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Судебные дела / Зарубежная практика  / Stan W. and Jolanta T. Zajaczkowski v. Commissioner., United States Tax Court - Memorandum Decision, T.C. Memo. 1990-503, Docket No. 30289-88., Filed September 24, 1990

Stan W. and Jolanta T. Zajaczkowski v. Commissioner., United States Tax Court - Memorandum Decision, T.C. Memo. 1990-503, Docket No. 30289-88., Filed September 24, 1990


Stan W. and Jolanta T. Zajaczkowski v. Commissioner.

United States Tax Court - Memorandum Decision

T.C. Memo. 1990-503

Docket No. 30289-88.

Filed September 24, 1990.

Stan W. Zajaczkowski, pro se. Susan T. Mosley, for the respondent.

Memorandum Findings of Fact and Opinion

COHEN, Judge: Respondent determined a deficiency of $13,689.33 in petitioners' Federal income tax for 1985 and additions to tax under section 6651(a)(1) of $688.51; section 6653(a)(1) of $775.77; section 6653(a)(2) of 50 percent of the interest payable under section 6601 with respect to the underpayment; and section 6661(a) of $3,422.33. Unless otherwise indicated, all section references are to the Internal Revenue Code, as amended and in effect for the year in issue.

The issues for decision are whether certain income is taxable to petitioners or to a corporation and whether petitioners are liable for the additions to tax.

Findings of Fact

Some of the facts have been stipulated, and the facts set forth in the stipulation are incorporated in our findings by this reference. Petitioners Stan W. Zajaczkowski (petitioner) and Jolanta T. Zajaczkowski were residents of Maryland at the time the petition in this case was filed.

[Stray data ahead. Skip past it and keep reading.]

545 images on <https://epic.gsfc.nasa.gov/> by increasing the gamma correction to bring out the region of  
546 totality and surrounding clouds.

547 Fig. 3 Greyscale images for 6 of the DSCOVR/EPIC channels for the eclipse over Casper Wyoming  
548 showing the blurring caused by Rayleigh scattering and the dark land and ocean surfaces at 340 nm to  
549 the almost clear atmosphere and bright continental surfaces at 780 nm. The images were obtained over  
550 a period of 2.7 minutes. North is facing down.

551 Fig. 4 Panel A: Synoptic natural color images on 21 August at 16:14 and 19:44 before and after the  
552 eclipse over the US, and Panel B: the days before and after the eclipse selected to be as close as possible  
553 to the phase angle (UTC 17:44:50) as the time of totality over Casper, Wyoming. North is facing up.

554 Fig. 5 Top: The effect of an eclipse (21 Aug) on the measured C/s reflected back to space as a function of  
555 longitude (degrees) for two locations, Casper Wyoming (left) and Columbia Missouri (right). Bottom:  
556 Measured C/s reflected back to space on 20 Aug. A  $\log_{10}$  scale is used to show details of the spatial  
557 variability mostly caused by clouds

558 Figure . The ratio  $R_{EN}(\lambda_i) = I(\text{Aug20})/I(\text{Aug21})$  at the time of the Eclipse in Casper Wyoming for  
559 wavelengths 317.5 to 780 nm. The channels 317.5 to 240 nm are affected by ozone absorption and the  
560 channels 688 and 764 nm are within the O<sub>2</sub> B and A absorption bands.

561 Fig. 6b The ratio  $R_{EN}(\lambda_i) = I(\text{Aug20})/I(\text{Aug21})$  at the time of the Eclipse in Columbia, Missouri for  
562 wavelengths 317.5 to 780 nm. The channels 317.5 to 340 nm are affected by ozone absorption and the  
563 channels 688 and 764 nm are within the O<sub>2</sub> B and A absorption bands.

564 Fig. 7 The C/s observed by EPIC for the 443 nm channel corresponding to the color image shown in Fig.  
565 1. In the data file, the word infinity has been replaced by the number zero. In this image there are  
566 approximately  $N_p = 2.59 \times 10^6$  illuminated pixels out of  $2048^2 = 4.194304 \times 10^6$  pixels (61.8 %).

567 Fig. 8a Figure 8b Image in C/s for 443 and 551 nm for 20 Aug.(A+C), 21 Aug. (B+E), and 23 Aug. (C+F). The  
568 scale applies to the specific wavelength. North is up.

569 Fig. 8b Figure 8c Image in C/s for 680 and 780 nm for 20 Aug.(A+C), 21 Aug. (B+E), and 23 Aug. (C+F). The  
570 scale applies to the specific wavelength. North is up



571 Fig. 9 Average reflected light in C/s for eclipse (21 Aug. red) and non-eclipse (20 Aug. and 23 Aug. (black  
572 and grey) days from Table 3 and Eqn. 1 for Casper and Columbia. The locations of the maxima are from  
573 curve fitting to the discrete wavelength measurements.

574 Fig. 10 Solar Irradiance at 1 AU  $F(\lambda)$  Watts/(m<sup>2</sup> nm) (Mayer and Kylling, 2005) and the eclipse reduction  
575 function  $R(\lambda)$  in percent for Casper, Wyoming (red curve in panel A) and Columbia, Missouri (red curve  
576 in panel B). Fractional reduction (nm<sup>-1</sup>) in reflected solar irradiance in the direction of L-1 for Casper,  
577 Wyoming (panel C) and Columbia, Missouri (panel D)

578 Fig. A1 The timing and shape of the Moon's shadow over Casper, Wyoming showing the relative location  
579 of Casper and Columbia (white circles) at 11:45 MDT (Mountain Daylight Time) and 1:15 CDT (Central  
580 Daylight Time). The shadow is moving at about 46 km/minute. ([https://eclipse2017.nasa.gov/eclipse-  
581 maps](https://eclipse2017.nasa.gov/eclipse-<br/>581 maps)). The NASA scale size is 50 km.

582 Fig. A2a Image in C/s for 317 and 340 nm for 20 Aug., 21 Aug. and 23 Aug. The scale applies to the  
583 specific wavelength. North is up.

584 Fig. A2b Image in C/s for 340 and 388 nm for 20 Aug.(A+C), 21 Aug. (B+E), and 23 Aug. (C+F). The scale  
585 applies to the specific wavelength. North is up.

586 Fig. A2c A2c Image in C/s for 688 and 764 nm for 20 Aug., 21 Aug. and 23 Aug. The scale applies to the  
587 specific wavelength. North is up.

In 1982, petitioner contracted with Analysas Corporation (Analysas) to provide computer services for the World Bank as a computer programmer. In 1983, petitioner formed Megatron Systems Corporation (Megatron). On February 2, 1983, Megatron qualified to conduct business in Maryland. Petitioner was the vice president and treasurer of Megatron. The resident agent of Megatron was Roy K. Shyamal (Shyamal). Megatron did not obtain a corporate employer identification number (EIN).

Petitioner opened a bank account for Megatron at Metropolitan Federal Savings and Loan (Metropolitan). Petitioner had sole signature authority on that account. He provided Metropolitan with his home address as the mailing address for Megatron.

On March 30, 1983, petitioner entered into a contract on behalf of Megatron with Analysas. Under that contract, petitioner performed services as a data base administrator for the World Bank. The services petitioner performed under that contract were the same as those he performed under his 1982 contract with Analysas.

The contract provided, in relevant part, that:

* * * ANALYSAS agrees to employ Stan Zajaczkowski of Megatron as a subcontractor in a manner consistent with ANALYSAS contract with the World Bank for the period Jan. 24 ≈ Mar. 31, 1983. Megatron agrees to perform this work under contract for the fixed price of $22/hour. * * *

The contract was amended five times. The final amendment extended the contract through June 30, 1985. In 1985, Analysas paid Megatron $36,398.44; during that time, Megatron had no income from any other source.

Megatron's charter and its authority to do business in Maryland were forfeited on December 19, 1984, for failure to file the necessary corporate personal property report.

Petitioner received a Form 1099-MISC, Statement for Recipients of Miscellaneous Income, from Analysas for 1985. That statement reported that petitioner had received income of $36,398.44 from Analysas in 1985. That statement was sent to petitioner's home address and included petitioner's social security number for identification.

Petitioners executed Form 4868 and received an extension of time to August 15, 1986, to file their 1985 Federal income tax return. Petitioners mailed that return on August 18, 1986.

Respondent determined that petitioners had unreported nonemployee compensation of $36,398 in 1985. Respondent also determined that petitioners had unreported interest income of $113 in 1985; petitioners have conceded that amount.